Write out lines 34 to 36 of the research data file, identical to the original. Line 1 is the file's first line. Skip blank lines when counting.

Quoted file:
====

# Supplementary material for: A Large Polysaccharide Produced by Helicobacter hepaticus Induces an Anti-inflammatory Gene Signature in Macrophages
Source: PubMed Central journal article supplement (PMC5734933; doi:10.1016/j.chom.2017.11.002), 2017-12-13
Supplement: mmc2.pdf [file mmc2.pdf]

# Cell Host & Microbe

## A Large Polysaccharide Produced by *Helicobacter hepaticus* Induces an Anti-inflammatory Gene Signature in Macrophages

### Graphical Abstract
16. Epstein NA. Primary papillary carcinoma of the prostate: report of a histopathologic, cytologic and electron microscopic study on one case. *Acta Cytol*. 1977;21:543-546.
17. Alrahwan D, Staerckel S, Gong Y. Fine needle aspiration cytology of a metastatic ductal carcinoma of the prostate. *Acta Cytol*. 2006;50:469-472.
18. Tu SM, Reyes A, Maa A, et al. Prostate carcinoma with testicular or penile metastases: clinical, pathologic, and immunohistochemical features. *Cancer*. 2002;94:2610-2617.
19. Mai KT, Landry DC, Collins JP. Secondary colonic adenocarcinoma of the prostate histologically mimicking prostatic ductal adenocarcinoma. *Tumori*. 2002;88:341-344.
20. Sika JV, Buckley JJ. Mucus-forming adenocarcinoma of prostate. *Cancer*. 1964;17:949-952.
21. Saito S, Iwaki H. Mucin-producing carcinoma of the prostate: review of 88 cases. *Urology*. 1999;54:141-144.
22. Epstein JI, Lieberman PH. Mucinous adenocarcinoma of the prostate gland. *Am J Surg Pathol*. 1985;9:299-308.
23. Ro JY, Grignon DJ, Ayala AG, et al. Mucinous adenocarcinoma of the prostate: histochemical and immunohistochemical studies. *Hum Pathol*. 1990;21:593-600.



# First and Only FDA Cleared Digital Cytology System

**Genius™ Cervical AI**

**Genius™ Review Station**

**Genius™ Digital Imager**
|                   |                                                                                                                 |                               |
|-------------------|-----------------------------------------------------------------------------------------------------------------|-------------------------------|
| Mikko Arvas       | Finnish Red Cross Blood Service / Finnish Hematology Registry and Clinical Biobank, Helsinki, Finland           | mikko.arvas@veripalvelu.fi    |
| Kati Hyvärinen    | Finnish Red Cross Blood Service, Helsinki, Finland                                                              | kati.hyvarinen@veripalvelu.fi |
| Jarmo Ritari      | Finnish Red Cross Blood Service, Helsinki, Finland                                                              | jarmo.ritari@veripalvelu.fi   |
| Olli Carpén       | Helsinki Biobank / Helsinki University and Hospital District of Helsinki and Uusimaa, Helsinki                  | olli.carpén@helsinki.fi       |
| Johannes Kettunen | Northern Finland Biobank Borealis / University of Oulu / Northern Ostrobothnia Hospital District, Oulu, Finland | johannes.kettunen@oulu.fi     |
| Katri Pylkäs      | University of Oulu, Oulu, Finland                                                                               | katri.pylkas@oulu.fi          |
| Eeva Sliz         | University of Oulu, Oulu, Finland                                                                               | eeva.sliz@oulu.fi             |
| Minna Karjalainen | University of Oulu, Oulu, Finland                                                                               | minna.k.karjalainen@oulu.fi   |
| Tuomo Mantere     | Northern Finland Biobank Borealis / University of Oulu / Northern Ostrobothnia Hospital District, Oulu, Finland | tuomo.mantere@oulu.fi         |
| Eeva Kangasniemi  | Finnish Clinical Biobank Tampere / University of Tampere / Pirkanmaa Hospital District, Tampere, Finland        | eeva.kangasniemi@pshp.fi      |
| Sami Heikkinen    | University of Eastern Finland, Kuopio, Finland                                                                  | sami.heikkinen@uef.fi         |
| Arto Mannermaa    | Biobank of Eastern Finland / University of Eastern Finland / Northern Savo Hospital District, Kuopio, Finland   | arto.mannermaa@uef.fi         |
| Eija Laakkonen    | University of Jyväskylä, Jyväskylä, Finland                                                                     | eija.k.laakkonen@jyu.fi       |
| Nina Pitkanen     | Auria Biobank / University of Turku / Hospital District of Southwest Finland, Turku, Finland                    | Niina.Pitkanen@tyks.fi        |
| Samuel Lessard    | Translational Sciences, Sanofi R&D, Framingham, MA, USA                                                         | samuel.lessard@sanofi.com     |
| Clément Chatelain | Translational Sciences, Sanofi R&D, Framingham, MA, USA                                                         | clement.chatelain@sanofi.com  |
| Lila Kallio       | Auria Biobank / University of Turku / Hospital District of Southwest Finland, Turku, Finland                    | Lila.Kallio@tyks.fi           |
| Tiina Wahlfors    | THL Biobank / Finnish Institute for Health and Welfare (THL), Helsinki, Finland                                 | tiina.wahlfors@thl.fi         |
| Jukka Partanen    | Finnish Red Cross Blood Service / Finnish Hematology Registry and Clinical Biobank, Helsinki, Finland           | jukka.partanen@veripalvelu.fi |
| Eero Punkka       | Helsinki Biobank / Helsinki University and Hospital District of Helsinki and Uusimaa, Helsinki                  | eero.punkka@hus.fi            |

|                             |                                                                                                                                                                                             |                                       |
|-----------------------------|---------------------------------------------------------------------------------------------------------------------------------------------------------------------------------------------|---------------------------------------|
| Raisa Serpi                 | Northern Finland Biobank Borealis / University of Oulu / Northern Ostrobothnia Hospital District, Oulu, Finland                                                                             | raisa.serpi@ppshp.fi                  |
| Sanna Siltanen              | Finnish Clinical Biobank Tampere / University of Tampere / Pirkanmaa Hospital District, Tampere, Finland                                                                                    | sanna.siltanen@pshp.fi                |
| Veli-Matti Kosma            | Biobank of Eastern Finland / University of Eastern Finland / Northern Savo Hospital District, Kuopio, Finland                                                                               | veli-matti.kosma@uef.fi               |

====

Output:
| Nina Pitkanen     | Auria Biobank / University of Turku / Hospital District of Southwest Finland, Turku, Finland                    | Niina.Pitkanen@tyks.fi        |
| Samuel Lessard    | Translational Sciences, Sanofi R&D, Framingham, MA, USA                                                         | samuel.lessard@sanofi.com     |
| Clément Chatelain | Translational Sciences, Sanofi R&D, Framingham, MA, USA                                                         | clement.chatelain@sanofi.com  |